The first time I saw him after the breakup was at that girl’s wake.
You remember her, right? That pretty, curvy brunette that sat behind us in Composition? She wore those too-short shorts, even when it was cold out and snapped her gum obnoxiously before she spoke. Her heavily outlined eyes narrowed to slits during class discussions as she would feverishly concoct counterarguments to the class’s decided opinion. God, how that pissed me off. Such an attention hog. Well, apparently last Monday she was doing 102 down Woodhaven Ave and crashed into a telephone pole. I still can’t remember if she made prom queen or runner-up last year though.
Just the other week in class we were discussing The Tempest and whether or not Prospero had ultimately been the true king of the island. He raised his hand confidently while I sat there memorizing the shape of his upturned chin and his tousled hair.
“It’s evident Prospero is the victim of the play, and is merely trying to re-establish justice on the island. He single-handedly rights all the wrongs of the island and therefore is the true and rightful king.”
He was always coming up with stuff like this in class, and I was admittedly mesmerized, entranced. The class, too, seemed to be under his spell as each student nodded in agreement. Then snap, snap, snap from the back of the room. Our heads twisted around only to lay eyes on her crossed arms, cocked head, and overworked jaw.
“You’re kidding me, right? I mean, no offense, but you must be joking.” She looked around for support, but the class did nothing but stare back in disbelief. She, however, continued without hesitation. “Well, to be honest, everything you’re saying is pretty pretentious. It sounds like you took that right from Sparknotes.”
Nobody spoke. I looked to him for some sort of retort, an argument, anything at all, but he gave nothing. A vein swelled in his forehead and his cheeks flushed.
Snap, snap, snap.
“Personally, I think Caliban’s the real king.” I over-exaggerated an eyeroll in hopes he would see it, but he just stared straight back at her, blood obviously boiling despite his efforts to keep composure. “I mean, who the fuck—oh, sorry Mr. Hart—does Prospero think he is? Caliban was there first and his mom ruled the island way before Prospero even got there. You’re kind of just being an asshole if you think Prospero is the real king.”
And that was Vanessa Cleaver. She possessed the rare combination of being both popular and obscure, a code that made her intimidating to younger, fashionable girls and mysterious to older, confident boys. She and I moved in different circles throughout high school, but I couldn’t help feeling quietly envious of her. Envious of this defiant, Caliban-supporting, gum-chewing girl who died doing 102 down Woodhaven Ave.
I was still waiting in line when I saw him up ahead of me. Saw him and felt my lungs collapse. Saw him in that black button-down I got him when we went to Cape Cod and those khakis his mom was always telling you to throw away. Saw him and felt my heart leap in a way that it shouldn’t at a wake. Our eyes connected, and I felt an electric current run through my body. Before I knew what I was doing I was walking out of line and walking right up to him. He looked at me like I had food in my teeth or something and couldn’t understand why I was cutting all these people that were waiting to kneel by this dead girl’s closed casket. I still couldn’t tell you why I walked up to him that day, but my feet started moving and I wasn’t about to stop them. I stood in front of him, awestruck.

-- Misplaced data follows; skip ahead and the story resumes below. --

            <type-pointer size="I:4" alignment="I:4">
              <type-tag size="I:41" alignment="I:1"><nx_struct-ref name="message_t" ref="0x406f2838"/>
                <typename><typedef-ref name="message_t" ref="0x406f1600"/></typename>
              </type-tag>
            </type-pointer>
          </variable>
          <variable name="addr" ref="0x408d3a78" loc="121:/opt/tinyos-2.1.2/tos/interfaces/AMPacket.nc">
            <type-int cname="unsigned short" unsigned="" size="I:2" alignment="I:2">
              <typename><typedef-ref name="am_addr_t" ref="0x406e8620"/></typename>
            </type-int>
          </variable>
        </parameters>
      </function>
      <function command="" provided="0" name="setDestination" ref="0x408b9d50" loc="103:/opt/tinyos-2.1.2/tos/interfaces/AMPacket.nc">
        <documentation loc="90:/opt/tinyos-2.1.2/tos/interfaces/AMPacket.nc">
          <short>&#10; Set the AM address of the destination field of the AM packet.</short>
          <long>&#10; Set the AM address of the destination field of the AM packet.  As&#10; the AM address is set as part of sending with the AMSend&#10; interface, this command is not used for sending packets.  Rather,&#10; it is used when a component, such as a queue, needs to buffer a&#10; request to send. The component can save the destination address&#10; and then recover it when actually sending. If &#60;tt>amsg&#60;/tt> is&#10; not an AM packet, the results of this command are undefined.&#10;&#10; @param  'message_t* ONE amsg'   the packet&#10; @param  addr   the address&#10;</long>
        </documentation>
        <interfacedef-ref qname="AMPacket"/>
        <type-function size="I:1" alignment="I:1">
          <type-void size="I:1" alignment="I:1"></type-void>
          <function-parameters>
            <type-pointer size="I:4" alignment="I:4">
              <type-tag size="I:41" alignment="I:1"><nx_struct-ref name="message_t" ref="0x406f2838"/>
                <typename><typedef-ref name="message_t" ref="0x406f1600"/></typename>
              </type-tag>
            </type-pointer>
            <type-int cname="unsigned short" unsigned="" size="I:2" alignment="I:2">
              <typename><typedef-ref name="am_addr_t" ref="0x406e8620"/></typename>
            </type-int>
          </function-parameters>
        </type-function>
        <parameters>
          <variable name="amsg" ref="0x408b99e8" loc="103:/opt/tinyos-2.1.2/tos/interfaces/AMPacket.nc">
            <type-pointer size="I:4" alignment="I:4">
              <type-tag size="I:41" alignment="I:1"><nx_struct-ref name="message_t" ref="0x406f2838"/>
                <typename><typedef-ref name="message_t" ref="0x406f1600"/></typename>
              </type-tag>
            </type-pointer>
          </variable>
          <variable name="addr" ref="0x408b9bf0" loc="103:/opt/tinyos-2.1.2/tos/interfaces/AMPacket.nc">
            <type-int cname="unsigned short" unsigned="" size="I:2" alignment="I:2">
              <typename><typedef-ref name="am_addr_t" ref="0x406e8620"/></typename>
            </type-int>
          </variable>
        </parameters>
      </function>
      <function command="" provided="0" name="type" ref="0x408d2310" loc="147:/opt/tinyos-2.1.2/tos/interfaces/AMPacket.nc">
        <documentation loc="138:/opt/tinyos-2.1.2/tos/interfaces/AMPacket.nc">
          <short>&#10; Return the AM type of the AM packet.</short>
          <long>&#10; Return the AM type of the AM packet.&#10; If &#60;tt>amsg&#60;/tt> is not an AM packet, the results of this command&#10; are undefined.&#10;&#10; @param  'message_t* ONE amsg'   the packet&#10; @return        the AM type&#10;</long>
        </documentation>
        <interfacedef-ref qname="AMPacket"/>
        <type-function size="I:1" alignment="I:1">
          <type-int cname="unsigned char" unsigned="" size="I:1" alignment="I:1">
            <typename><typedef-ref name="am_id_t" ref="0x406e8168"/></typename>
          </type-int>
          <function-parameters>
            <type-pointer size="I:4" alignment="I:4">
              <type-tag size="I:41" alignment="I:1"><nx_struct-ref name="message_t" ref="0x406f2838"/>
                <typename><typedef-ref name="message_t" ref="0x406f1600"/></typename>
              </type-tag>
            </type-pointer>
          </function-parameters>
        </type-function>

“Hey.” Really, that’s the best I could manage?
“Um, hi. H-how are you?”
“That’s good, that’s good to hear.”
“How about you, how have you been?”
“I’m all right, this is…this is all just so weird, you know? I was just talking to Vanessa the other day in class, and now…”
Wow, really? There I was just trying to ask him how he was doing after the breakup and all he wanted to do was talk about Vanessa.
“Yeah, it’s weird,” I repeated mechanically.
“I mean ,I just can’t believe it, I’ve never dealt with anything like this before.”
“Yeah, yeah, I guess. How are we though?”
I blurted it out before I could stop myself.
“Are things okay between us? I’m just not sure if we should talk about things now that we’ve had a little time to—”
“Are you serious?” He took a step back. “Vanessa’s dead. She’s dead, and our breakup is what you’re worried about right now? That’s pretty fucked up, even for you.”
I stood there, dumbstruck, unable to respond. I stared back at him, searching for something to say, anything, but I was frozen. When I remembered how to move my body, I slowly turned without another word and returned to my place in line.
I stood in that line for an eternity before I reached her. My soles were sore in my too-small heels and my dress felt awkward around my shoulders, like a hug from an elderly relative I didn’t want.
I couldn’t believe him. Why didn’t he care about me? How could he be this cold, this selfish? I made a mental note to try to talk to him again at the funeral. That’s three days from now. Maybe he’d be more receptive then.
When it was finally my turn to kneel, I stayed there for what I felt was an appropriate amount of time. And as I stared at her closed casket, I was half expecting her to be in there grinning and snapping her gum in her too-short shorts, flipping carelessly through the pages of The Tempest.
Attention hog. You remember her, right?
Photo Credit: Love, Desire and Death . Fine Art. Britannica ImageQuest, Encyclopædia Britannica, 25 May 2016. quest.eb.com/search/108_279640/1/108_279640/cite. Accessed 17 Jan 2017.